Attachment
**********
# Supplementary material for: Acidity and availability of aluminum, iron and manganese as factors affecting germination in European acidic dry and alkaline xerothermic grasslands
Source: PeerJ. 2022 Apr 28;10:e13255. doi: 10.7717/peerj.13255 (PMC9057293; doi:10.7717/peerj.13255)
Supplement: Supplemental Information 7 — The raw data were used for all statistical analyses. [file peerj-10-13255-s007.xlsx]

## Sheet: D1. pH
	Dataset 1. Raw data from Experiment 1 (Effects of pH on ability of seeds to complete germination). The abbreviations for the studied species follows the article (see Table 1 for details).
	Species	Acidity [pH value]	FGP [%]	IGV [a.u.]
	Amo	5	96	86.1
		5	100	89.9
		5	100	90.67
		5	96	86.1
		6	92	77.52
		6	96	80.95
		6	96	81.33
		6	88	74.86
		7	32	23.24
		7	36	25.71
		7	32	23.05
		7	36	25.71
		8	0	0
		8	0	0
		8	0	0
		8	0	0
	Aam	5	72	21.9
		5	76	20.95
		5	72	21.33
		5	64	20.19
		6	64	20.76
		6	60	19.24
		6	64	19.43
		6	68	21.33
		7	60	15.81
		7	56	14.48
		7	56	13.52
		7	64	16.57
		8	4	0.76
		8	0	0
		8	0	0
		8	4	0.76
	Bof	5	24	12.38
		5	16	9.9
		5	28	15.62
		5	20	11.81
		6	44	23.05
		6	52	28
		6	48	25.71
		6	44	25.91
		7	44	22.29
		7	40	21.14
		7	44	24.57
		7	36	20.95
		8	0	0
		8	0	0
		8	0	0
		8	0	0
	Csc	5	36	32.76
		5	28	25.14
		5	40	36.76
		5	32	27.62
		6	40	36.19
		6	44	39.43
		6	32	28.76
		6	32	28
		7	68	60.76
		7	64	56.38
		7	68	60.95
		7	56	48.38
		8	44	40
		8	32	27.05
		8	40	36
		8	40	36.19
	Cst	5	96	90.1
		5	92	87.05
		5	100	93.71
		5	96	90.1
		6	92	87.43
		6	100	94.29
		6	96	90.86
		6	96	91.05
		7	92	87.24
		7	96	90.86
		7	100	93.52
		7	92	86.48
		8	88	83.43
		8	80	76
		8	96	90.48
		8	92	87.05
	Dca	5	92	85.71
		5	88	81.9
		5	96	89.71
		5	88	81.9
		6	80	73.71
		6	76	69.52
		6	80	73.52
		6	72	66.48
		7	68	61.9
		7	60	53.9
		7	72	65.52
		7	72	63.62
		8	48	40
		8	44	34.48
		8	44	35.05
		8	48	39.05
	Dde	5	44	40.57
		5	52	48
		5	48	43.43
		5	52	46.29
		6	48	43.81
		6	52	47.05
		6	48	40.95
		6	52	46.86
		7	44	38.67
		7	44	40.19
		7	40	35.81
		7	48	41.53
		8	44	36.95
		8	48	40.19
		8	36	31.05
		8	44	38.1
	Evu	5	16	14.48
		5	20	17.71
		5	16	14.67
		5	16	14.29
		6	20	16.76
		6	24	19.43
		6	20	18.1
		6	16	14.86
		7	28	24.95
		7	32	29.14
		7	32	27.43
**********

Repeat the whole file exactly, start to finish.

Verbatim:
# Supplementary material for: Acidity and availability of aluminum, iron and manganese as factors affecting germination in European acidic dry and alkaline xerothermic grasslands
Source: PeerJ. 2022 Apr 28;10:e13255. doi: 10.7717/peerj.13255 (PMC9057293; doi:10.7717/peerj.13255)
Supplement: Supplemental Information 7 — The raw data were used for all statistical analyses. [file peerj-10-13255-s007.xlsx]

## Sheet: D1. pH
	Dataset 1. Raw data from Experiment 1 (Effects of pH on ability of seeds to complete germination). The abbreviations for the studied species follows the article (see Table 1 for details).
	Species	Acidity [pH value]	FGP [%]	IGV [a.u.]
	Amo	5	96	86.1
		5	100	89.9
		5	100	90.67
		5	96	86.1
		6	92	77.52
		6	96	80.95
		6	96	81.33
		6	88	74.86
		7	32	23.24
		7	36	25.71
		7	32	23.05
		7	36	25.71
		8	0	0
		8	0	0
		8	0	0
		8	0	0
	Aam	5	72	21.9
		5	76	20.95
		5	72	21.33
		5	64	20.19
		6	64	20.76
		6	60	19.24
		6	64	19.43
		6	68	21.33
		7	60	15.81
		7	56	14.48
		7	56	13.52
		7	64	16.57
		8	4	0.76
		8	0	0
		8	0	0
		8	4	0.76
	Bof	5	24	12.38
		5	16	9.9
		5	28	15.62
		5	20	11.81
		6	44	23.05
		6	52	28
		6	48	25.71
		6	44	25.91
		7	44	22.29
		7	40	21.14
		7	44	24.57
		7	36	20.95
		8	0	0
		8	0	0
		8	0	0
		8	0	0
	Csc	5	36	32.76
		5	28	25.14
		5	40	36.76
		5	32	27.62
		6	40	36.19
		6	44	39.43
		6	32	28.76
		6	32	28
		7	68	60.76
		7	64	56.38
		7	68	60.95
		7	56	48.38
		8	44	40
		8	32	27.05
		8	40	36
		8	40	36.19
	Cst	5	96	90.1
		5	92	87.05
		5	100	93.71
		5	96	90.1
		6	92	87.43
		6	100	94.29
		6	96	90.86
		6	96	91.05
		7	92	87.24
		7	96	90.86
		7	100	93.52
		7	92	86.48
		8	88	83.43
		8	80	76
		8	96	90.48
		8	92	87.05
	Dca	5	92	85.71
		5	88	81.9
		5	96	89.71
		5	88	81.9
		6	80	73.71
		6	76	69.52
		6	80	73.52
		6	72	66.48
		7	68	61.9
		7	60	53.9
		7	72	65.52
		7	72	63.62
		8	48	40
		8	44	34.48
		8	44	35.05
		8	48	39.05
	Dde	5	44	40.57
		5	52	48
		5	48	43.43
		5	52	46.29
		6	48	43.81
		6	52	47.05
		6	48	40.95
		6	52	46.86
		7	44	38.67
		7	44	40.19
		7	40	35.81
		7	48	41.53
		8	44	36.95
		8	48	40.19
		8	36	31.05
		8	44	38.1
	Evu	5	16	14.48
		5	20	17.71
		5	16	14.67
		5	16	14.29
		6	20	16.76
		6	24	19.43
		6	20	18.1
		6	16	14.86
		7	28	24.95
		7	32	29.14
		7	32	27.43